Exclusion of community pharmacy from medicines optimisation is 'crazy'
By Neil Trainis
Sanjay Ganvir, a director at Green Light Pharmacy, told the chief pharmaceutical officer David Webb during a session at the Pharmacy Show that NHS England has excluded community pharmacy from its medicines optimisation programme.
Ganvir, who is also the superintendent pharmacist at Green Light Pharmacy which has 16 branches across London, used a talk on community pharmacy’s clinical future to emphasise that the community pharmacy network is “one of the biggest assets the NHS has to impact medicines optimisation” but was not being utilised by NHSE, something he insisted was “crazy.”
NHSE put forward 16 national medicines optimisation opportunities for the NHS in 2023-24 which it said would be delivered through integrated care boards. Those included addressing problematic polypharmacy and low priority prescribing, improving the uptake of the most clinically and cost-effective medicines and tackling inappropriate antidepressant prescribing.
Ganvir told Webb (pictured) that he appreciated “the way NHS England is now engaging with the community pharmacy network” but said: “No other bit of the NHS interacts with patients like community pharmacy does. We have the most touch points with patients anywhere in the NHS and we seem to be excluded. Medicines optimisation doesn’t seem to include community pharmacy which is crazy.”
Ganvir said NHSE’s failure to include community pharmacy in its medicines optimisation strategy meant patients were not taking their medicines as prescribed and many were ending up in hospital as a result.
“Forty to 60 per cent of medicines are not taken as prescribed, so the biggest intervention the NHS makes by volume and cost, 60 per cent of the time it is, I think the technical words are, ‘a bit pants.’ And (that leads to) eight per cent of all hospital admissions. So, it’s not just ‘a bit pants,’ quite often it’s actually ending up in hospital,” he said.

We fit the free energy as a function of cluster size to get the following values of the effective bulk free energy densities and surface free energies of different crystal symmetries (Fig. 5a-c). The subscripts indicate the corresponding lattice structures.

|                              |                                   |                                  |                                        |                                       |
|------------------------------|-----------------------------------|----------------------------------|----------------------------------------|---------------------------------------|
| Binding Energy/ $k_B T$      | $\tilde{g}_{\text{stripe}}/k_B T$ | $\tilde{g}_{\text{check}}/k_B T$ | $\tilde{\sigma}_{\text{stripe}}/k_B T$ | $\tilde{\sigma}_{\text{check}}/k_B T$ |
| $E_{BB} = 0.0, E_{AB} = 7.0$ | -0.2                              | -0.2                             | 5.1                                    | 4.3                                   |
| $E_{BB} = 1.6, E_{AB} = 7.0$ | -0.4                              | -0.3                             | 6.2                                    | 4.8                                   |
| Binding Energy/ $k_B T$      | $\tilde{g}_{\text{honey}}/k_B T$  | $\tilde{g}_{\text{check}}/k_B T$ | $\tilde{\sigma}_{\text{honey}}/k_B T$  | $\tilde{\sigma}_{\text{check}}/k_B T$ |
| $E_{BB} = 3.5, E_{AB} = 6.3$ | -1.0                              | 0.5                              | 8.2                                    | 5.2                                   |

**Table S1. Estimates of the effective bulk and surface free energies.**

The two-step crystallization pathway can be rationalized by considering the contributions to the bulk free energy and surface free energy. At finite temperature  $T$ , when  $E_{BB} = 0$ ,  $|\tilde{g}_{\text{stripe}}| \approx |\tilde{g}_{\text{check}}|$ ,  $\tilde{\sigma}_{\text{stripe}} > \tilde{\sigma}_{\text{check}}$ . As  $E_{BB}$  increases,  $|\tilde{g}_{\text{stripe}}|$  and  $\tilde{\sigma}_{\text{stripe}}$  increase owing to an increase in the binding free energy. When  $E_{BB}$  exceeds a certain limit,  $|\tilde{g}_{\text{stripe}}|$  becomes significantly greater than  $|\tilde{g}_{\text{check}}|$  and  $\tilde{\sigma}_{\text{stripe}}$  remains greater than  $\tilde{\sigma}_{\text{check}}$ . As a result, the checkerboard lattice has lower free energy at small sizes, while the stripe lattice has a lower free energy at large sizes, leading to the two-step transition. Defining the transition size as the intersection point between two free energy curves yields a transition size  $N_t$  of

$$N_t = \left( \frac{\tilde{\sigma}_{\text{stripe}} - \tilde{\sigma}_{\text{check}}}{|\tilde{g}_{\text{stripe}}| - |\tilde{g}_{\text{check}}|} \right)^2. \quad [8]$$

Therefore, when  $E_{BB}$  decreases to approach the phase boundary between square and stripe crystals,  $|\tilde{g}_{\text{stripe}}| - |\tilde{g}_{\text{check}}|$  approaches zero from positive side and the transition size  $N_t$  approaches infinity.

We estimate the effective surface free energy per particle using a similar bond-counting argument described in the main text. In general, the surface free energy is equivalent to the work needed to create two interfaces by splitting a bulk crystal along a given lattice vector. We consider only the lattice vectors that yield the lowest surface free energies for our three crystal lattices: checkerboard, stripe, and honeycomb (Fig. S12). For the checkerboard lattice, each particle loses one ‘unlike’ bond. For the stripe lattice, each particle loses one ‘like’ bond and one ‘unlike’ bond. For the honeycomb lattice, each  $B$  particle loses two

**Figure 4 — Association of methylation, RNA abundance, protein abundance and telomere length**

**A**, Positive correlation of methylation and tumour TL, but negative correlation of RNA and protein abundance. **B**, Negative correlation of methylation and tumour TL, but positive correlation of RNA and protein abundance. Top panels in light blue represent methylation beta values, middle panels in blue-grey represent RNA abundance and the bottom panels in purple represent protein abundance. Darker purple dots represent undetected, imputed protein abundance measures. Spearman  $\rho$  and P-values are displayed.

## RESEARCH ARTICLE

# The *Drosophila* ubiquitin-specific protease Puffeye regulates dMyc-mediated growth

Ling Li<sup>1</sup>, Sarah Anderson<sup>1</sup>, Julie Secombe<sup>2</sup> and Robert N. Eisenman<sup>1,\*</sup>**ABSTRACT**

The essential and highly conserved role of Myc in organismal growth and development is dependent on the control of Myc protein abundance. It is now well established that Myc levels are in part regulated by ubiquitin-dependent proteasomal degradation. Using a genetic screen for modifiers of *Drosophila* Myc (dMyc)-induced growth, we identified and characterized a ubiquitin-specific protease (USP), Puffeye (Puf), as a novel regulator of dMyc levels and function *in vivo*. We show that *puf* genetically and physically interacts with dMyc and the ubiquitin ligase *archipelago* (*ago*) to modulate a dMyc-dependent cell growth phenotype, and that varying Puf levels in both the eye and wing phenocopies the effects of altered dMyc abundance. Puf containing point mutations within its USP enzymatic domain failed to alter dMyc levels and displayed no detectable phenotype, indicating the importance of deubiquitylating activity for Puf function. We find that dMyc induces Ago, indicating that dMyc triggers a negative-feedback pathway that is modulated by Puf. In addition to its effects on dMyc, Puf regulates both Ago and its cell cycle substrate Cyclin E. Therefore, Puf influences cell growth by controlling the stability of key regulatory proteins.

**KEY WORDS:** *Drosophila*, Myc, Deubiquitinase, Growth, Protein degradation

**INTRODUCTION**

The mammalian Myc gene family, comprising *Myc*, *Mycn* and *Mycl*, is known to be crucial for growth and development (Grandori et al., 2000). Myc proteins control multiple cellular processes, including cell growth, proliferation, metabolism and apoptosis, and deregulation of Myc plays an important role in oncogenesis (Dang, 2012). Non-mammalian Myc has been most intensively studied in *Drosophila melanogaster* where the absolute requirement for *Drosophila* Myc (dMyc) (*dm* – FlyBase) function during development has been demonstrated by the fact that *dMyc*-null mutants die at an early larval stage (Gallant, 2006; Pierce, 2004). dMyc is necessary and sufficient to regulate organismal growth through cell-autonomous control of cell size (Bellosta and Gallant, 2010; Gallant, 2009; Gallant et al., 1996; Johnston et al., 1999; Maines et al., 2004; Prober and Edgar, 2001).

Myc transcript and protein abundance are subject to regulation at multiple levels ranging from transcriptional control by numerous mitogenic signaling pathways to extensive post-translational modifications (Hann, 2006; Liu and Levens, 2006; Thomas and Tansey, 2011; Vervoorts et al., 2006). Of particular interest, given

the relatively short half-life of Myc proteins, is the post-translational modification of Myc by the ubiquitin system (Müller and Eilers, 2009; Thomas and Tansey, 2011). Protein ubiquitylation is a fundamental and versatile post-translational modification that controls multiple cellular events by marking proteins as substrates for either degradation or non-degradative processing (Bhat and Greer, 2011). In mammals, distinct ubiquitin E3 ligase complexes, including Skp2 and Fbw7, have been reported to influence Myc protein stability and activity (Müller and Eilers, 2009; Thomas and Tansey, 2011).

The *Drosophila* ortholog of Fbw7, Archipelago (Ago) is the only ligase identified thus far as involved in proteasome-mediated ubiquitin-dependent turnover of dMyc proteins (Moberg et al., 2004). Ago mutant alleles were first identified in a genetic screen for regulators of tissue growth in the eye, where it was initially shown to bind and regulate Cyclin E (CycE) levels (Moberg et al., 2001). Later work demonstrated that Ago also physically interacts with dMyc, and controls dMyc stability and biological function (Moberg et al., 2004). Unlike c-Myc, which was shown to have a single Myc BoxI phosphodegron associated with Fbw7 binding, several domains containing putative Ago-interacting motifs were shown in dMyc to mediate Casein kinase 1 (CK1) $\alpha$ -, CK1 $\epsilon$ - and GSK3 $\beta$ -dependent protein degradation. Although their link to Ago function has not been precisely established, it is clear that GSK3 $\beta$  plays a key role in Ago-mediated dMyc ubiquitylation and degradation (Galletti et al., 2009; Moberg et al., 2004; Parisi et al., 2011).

“The reason for that is patients don’t properly understand what their medicines are for and that’s a failing of every single clinician in the NHS. We don’t talk to patients. As a clinician, I would say we’re all arrogant. We all think we’re bloody God.
“We should be engaging with patients and using what’s in our head to do a translation piece on how medicines are taken. So, is there an opportunity for NHS England to put community pharmacy at the heart of their medicines optimisation strategy?”
Figures are 'embarrassing to all of us'
Ganvir challenged Webb and NHSE to create “a patient-centred, make-every-contact-count adherence service which will directly impact on those terrible 60 per cent and eight per cent figures which are embarrassing to all of us here.”
“That’s where you’ll get your biggest bang for your buck. It’s not (about) script switches, it’s not a meds op committee. It’s utilising the biggest asset the NHS has which is the community pharmacy network,” Ganvir said.
In response, Webb insisted community pharmacy “is key to medicines optimisation because it sees people before the emergence of ill-health.”
“If you can change somebody’s course so they don’t need to take medicines, that’s a profound thing to do,” he said, adding the New Medicine Service “speaks to” Ganvir’s point about the interaction between pharmacies and patients.
“I have a really simple take on this and that is the most cost-inefficient use of resource is a medicine that nobody takes and so, everything that supports adherence to help people derive the benefit they should be getting is really important,” Webb said.
He urged Ganvir not to “read anything” into NHSE’s 16 priorities for medicines optimisation “that’s not engaging for community pharmacies.”
“They are areas of traction for ICBs to look at particular opportunities on the cost side of the equation. I think the great thing about community pharmacy is the value it adds and not just remunerating the cost of intervention all the time,” Webb said.